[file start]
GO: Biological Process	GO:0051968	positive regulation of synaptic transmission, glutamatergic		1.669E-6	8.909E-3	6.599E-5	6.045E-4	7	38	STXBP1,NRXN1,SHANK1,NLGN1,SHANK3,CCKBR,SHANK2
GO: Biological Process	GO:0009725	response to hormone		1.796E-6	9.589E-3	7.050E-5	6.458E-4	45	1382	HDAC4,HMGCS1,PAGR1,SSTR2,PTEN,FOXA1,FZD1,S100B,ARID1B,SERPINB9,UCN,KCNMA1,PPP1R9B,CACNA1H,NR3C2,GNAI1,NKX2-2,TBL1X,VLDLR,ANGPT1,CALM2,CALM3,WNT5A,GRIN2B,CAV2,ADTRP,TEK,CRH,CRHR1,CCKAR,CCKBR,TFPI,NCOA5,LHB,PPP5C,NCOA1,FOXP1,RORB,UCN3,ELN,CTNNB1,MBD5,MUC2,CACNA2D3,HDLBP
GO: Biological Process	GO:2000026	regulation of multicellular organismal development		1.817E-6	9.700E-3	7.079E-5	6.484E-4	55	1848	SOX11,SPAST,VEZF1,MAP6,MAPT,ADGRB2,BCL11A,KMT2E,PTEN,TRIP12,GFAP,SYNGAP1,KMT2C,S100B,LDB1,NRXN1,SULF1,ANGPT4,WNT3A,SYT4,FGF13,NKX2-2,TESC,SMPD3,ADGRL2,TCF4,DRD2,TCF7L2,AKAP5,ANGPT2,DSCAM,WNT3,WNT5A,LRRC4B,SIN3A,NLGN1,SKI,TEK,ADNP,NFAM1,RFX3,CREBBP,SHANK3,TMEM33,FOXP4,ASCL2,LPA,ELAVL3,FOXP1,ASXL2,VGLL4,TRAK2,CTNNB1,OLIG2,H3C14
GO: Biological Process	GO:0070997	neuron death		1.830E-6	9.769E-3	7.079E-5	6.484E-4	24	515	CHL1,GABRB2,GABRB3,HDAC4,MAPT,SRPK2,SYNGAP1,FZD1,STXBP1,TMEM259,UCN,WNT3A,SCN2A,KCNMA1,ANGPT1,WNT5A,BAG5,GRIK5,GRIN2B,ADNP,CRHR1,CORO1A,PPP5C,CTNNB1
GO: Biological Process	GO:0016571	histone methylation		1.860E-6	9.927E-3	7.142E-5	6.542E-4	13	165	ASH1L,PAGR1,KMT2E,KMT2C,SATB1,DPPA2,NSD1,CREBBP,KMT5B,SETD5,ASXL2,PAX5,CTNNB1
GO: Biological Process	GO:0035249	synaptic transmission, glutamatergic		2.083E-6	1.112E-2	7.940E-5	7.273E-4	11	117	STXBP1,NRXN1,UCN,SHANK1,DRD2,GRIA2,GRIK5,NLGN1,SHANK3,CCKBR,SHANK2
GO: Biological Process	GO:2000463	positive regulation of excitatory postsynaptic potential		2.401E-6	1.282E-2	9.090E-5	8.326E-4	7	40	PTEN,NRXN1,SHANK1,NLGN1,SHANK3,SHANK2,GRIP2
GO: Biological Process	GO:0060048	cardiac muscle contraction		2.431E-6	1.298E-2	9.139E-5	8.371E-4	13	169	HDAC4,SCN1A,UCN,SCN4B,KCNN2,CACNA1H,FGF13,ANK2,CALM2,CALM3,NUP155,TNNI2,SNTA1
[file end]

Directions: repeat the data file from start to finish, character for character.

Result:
GO: Biological Process	GO:0051968	positive regulation of synaptic transmission, glutamatergic		1.669E-6	8.909E-3	6.599E-5	6.045E-4	7	38	STXBP1,NRXN1,SHANK1,NLGN1,SHANK3,CCKBR,SHANK2
GO: Biological Process	GO:0009725	response to hormone		1.796E-6	9.589E-3	7.050E-5	6.458E-4	45	1382	HDAC4,HMGCS1,PAGR1,SSTR2,PTEN,FOXA1,FZD1,S100B,ARID1B,SERPINB9,UCN,KCNMA1,PPP1R9B,CACNA1H,NR3C2,GNAI1,NKX2-2,TBL1X,VLDLR,ANGPT1,CALM2,CALM3,WNT5A,GRIN2B,CAV2,ADTRP,TEK,CRH,CRHR1,CCKAR,CCKBR,TFPI,NCOA5,LHB,PPP5C,NCOA1,FOXP1,RORB,UCN3,ELN,CTNNB1,MBD5,MUC2,CACNA2D3,HDLBP
GO: Biological Process	GO:2000026	regulation of multicellular organismal development		1.817E-6	9.700E-3	7.079E-5	6.484E-4	55	1848	SOX11,SPAST,VEZF1,MAP6,MAPT,ADGRB2,BCL11A,KMT2E,PTEN,TRIP12,GFAP,SYNGAP1,KMT2C,S100B,LDB1,NRXN1,SULF1,ANGPT4,WNT3A,SYT4,FGF13,NKX2-2,TESC,SMPD3,ADGRL2,TCF4,DRD2,TCF7L2,AKAP5,ANGPT2,DSCAM,WNT3,WNT5A,LRRC4B,SIN3A,NLGN1,SKI,TEK,ADNP,NFAM1,RFX3,CREBBP,SHANK3,TMEM33,FOXP4,ASCL2,LPA,ELAVL3,FOXP1,ASXL2,VGLL4,TRAK2,CTNNB1,OLIG2,H3C14
GO: Biological Process	GO:0070997	neuron death		1.830E-6	9.769E-3	7.079E-5	6.484E-4	24	515	CHL1,GABRB2,GABRB3,HDAC4,MAPT,SRPK2,SYNGAP1,FZD1,STXBP1,TMEM259,UCN,WNT3A,SCN2A,KCNMA1,ANGPT1,WNT5A,BAG5,GRIK5,GRIN2B,ADNP,CRHR1,CORO1A,PPP5C,CTNNB1
GO: Biological Process	GO:0016571	histone methylation		1.860E-6	9.927E-3	7.142E-5	6.542E-4	13	165	ASH1L,PAGR1,KMT2E,KMT2C,SATB1,DPPA2,NSD1,CREBBP,KMT5B,SETD5,ASXL2,PAX5,CTNNB1
GO: Biological Process	GO:0035249	synaptic transmission, glutamatergic		2.083E-6	1.112E-2	7.940E-5	7.273E-4	11	117	STXBP1,NRXN1,UCN,SHANK1,DRD2,GRIA2,GRIK5,NLGN1,SHANK3,CCKBR,SHANK2
GO: Biological Process	GO:2000463	positive regulation of excitatory postsynaptic potential		2.401E-6	1.282E-2	9.090E-5	8.326E-4	7	40	PTEN,NRXN1,SHANK1,NLGN1,SHANK3,SHANK2,GRIP2
GO: Biological Process	GO:0060048	cardiac muscle contraction		2.431E-6	1.298E-2	9.139E-5	8.371E-4	13	169	HDAC4,SCN1A,UCN,SCN4B,KCNN2,CACNA1H,FGF13,ANK2,CALM2,CALM3,NUP155,TNNI2,SNTA1